The Sex Lives of Dinosaurs

Dinosaur blogger Brian Switek has a piece on about dinosaur sex, an expansive subject hampered by the lack of preserved soft tissue. It turns out that female dinosaurs can be identified by the presence of medullary bone, from which age at reproduction can be determined; and there are plenty of fossilized battle scars, evidence of mating combat. But we still don’t know the answer to this vital question: how the heck did Stegosaurus, with all those bony plates and that thagomizer, mate?

Figuring out how Stegosaurus even could have mated is a prickly subject. Females were just as well-armored as males, and it is unlikely that males mounted the females from the back. A different technique was necessary. Perhaps they angled so that they faced belly to belly, some have guessed, or maybe, as suggested by Timothy Isles in a recent paper, males faced away from standing females and backed up (a rather tricky maneuver!). The simplest technique yet proposed is that the female lay down on her side and the male approached standing up, thereby avoiding all those plates and spikes. However the Stegosaurus pair accomplished the feat, though, it was most likely brief — only as long as was needed for the exchange of genetic material. All that energy and effort, from growing ornaments to impressing a prospective mate, just for a few fleeting moments to continue the life of the species.

(Illustration by Nobu Tomura. Creative Commons licence.)

Mammatus Clouds

Mammutus clouds over Squaw Valley (Matt Saal)

I have recently become interested in unusual cloud formations, like noctilucent and lenticular clouds, and the atmospheric manifestations of Kelvin-Helmholtz instability. Now I have to add another one to the list: mammatus clouds, whose undersides are not round but are rather, um, boob-like. (Es verd�d! Hence the name!) This image of mammutus clouds over Squaw Valley, taken by Matt Saal, was yesterday’s APOD. (Creative Commons licence.)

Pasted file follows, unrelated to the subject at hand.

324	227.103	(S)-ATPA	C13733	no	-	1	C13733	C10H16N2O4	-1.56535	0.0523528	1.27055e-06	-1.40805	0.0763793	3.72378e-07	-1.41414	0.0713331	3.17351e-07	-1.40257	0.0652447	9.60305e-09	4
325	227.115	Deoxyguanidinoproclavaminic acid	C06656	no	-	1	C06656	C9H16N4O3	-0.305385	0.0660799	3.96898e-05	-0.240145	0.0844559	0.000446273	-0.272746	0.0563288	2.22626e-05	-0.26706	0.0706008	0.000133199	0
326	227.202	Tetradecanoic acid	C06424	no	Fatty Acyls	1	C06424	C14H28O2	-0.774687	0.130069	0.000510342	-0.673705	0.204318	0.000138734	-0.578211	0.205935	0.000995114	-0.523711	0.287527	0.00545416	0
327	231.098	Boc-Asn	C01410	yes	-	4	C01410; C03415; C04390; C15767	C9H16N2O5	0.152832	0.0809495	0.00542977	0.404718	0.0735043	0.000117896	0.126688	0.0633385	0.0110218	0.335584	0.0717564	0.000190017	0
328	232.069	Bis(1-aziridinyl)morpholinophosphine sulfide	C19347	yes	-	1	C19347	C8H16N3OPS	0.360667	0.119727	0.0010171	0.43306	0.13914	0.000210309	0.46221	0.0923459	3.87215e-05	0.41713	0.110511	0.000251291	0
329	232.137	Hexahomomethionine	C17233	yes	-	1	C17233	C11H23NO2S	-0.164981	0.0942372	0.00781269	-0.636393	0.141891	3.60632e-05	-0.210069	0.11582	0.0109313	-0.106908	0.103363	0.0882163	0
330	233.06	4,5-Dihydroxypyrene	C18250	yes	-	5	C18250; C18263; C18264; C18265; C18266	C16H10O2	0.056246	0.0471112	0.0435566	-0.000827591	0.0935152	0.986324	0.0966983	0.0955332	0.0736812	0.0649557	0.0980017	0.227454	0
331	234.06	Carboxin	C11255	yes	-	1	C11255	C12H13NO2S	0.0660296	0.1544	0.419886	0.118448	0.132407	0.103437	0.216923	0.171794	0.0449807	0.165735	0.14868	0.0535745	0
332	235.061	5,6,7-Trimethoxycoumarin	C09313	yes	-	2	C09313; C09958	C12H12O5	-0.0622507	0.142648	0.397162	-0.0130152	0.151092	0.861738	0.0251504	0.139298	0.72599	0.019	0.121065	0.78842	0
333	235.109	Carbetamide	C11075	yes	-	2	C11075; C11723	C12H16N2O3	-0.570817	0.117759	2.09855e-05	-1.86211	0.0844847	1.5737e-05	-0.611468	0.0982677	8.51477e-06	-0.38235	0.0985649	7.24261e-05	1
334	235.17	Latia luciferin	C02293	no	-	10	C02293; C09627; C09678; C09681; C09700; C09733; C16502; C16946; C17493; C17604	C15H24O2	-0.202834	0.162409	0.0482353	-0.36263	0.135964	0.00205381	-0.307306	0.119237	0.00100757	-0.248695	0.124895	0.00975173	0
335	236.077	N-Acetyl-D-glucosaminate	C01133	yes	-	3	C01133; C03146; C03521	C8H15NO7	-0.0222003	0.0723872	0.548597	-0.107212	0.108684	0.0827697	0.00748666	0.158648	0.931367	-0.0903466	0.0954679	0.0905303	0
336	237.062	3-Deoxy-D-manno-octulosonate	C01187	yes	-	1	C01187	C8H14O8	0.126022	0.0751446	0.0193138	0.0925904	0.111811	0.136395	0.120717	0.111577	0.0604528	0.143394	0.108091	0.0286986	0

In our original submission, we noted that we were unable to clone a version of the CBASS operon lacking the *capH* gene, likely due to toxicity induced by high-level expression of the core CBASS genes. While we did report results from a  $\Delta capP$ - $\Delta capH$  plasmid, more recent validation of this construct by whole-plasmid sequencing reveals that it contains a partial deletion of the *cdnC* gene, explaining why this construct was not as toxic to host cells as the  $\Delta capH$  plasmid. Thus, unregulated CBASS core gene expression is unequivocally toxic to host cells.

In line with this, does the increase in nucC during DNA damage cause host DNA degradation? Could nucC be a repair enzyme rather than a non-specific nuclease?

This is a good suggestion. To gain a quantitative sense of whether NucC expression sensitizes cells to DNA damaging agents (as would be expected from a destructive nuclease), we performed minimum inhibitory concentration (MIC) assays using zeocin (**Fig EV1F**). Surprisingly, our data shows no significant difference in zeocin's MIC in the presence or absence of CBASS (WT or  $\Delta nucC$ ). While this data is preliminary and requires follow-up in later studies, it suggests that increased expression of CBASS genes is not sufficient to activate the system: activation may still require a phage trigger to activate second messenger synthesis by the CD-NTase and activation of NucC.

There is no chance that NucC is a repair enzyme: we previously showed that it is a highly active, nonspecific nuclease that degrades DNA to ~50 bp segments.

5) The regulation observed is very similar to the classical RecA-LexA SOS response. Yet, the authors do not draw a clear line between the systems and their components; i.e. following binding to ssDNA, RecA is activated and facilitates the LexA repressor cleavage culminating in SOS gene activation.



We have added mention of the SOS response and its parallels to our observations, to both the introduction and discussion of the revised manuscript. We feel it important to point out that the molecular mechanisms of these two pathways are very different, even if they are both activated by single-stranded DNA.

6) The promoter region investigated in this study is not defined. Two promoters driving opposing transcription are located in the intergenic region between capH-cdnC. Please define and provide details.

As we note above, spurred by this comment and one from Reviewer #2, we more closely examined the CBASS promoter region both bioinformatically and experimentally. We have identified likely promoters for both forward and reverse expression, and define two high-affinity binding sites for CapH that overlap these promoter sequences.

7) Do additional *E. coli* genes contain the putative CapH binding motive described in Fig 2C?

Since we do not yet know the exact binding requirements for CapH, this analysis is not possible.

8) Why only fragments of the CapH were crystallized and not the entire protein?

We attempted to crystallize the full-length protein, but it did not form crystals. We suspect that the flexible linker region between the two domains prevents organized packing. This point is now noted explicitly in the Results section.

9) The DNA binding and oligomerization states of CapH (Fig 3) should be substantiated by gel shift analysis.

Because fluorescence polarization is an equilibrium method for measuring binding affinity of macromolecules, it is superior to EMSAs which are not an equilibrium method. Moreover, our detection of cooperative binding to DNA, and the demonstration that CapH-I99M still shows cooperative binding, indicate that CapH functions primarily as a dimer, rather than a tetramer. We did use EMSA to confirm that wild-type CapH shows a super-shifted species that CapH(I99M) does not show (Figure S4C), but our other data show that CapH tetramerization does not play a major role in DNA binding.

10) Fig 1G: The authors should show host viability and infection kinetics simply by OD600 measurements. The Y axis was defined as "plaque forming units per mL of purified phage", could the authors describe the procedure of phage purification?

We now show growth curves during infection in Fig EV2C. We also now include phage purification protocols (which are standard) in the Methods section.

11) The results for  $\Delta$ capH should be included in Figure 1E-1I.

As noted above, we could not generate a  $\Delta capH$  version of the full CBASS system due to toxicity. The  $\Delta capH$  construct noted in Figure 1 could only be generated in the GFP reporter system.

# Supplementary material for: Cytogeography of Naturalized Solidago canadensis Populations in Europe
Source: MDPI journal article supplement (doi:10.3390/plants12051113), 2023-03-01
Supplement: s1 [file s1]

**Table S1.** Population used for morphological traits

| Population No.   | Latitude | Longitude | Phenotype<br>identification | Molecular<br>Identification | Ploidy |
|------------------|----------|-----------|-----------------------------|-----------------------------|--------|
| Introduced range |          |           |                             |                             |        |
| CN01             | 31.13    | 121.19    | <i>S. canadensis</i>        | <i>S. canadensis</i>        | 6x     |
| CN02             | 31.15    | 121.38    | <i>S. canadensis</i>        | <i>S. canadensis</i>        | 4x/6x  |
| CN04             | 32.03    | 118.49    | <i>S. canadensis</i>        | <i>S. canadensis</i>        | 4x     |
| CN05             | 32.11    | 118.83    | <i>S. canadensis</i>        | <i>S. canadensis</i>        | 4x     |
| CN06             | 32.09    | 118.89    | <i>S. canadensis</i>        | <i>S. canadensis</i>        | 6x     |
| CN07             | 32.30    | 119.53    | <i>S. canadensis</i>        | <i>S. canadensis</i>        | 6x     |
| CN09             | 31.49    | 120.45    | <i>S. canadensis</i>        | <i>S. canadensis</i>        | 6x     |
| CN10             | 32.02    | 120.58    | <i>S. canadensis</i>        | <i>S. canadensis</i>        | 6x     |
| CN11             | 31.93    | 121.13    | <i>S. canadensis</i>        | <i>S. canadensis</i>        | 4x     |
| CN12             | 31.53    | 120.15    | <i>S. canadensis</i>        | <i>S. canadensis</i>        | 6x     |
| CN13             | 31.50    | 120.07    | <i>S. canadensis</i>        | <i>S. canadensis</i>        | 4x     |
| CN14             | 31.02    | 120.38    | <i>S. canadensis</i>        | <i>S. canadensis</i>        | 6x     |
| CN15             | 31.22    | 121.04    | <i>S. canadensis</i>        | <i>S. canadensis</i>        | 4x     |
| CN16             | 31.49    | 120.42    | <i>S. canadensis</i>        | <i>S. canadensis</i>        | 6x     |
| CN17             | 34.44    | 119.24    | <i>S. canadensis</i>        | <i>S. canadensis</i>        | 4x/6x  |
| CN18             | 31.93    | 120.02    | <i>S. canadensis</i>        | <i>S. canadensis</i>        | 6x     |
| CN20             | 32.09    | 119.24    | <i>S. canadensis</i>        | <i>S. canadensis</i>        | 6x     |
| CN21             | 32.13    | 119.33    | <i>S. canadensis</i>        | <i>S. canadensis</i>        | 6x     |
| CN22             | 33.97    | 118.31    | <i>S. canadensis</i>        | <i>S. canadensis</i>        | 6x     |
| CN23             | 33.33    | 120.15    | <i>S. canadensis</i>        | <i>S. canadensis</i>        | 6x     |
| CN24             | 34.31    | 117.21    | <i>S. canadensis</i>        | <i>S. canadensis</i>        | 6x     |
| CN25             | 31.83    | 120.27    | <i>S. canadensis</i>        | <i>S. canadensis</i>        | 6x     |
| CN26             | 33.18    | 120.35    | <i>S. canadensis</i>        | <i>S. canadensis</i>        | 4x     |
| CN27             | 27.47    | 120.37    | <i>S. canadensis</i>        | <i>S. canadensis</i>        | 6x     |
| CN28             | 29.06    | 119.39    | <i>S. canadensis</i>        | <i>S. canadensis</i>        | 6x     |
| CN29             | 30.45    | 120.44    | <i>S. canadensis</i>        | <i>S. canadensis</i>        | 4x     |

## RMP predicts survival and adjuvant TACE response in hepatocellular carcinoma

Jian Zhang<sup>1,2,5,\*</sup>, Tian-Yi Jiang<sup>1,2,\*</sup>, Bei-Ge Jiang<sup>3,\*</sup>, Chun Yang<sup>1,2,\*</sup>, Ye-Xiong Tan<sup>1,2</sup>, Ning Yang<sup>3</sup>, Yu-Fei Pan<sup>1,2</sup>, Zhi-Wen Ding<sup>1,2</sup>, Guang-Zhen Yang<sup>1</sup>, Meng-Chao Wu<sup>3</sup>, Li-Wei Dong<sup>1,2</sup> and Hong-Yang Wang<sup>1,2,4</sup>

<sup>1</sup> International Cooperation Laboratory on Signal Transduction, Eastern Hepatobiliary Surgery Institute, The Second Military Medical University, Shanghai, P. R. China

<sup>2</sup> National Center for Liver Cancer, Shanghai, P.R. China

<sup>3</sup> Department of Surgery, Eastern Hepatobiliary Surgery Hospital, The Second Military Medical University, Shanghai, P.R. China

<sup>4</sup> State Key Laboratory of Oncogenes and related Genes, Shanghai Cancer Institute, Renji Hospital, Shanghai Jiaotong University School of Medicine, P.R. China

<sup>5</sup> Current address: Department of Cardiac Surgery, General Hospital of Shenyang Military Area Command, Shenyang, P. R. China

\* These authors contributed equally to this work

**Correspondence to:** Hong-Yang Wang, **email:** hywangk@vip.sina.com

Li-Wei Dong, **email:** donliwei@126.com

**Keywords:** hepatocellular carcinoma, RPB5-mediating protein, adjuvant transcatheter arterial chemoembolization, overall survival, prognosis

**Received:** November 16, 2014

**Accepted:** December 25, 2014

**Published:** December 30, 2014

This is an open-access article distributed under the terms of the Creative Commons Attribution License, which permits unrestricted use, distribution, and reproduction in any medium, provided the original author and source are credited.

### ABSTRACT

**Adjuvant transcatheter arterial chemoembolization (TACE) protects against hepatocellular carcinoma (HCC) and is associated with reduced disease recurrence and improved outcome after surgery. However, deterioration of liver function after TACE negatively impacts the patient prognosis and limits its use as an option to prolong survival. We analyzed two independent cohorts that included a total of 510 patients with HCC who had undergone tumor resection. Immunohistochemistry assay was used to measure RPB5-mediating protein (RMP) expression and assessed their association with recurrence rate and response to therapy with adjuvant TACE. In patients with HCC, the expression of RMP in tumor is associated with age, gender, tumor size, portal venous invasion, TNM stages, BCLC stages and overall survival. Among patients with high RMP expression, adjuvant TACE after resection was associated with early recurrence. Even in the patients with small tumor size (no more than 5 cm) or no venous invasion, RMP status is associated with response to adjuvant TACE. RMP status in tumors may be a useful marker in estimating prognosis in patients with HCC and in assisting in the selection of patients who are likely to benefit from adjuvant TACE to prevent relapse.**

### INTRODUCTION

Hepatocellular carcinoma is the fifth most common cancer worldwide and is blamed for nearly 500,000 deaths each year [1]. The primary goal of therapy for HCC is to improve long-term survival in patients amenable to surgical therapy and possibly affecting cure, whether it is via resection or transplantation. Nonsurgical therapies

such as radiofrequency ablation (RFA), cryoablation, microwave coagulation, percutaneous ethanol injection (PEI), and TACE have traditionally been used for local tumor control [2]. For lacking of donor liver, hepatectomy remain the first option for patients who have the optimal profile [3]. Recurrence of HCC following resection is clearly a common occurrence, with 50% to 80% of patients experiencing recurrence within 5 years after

Nostalgia for the Light

Nostalgia for the Light (Spanish title: Nostalgia de la Luz) is a documentary by Chilean director Patricio Guzm�n that juxtaposes two searches for the past in Chile’s Atacama desert: the giant telescopes built there to take advantage of the dry air and high altitude, and a group of women who comb the desert searching for the remains of relatives murdered by the Pinochet regime. Trailer (see above). Via Universe Today, which has a review.

Kindle First Impressions

Ophiuchus and Serpens on Kindle The Kindle is half the size of my iPad. It’s also one-third the weight (241 g vs. 730 g). It’s quite easy to hold, and the e-ink is as readable as advertised. I hadn’t actually seen a Kindle before mine turned up last week, and this screen is better, I think, than the Sony e-reader screens, which I had seen before. I can easily see reading this thing for long periods of time.

Ergonomically it’s a bit of a mixed bag. E-ink notwithstanding, the Kindle’s text rendering falls short of the iPad’s iBooks app in a couple of ways: its always-on text justification is messy in places, and it doesn’t support hyphenation. And navigation is trickier than I’d like: I’m still getting used to going without a touchscreen. Anything other than page-turning is fiddly.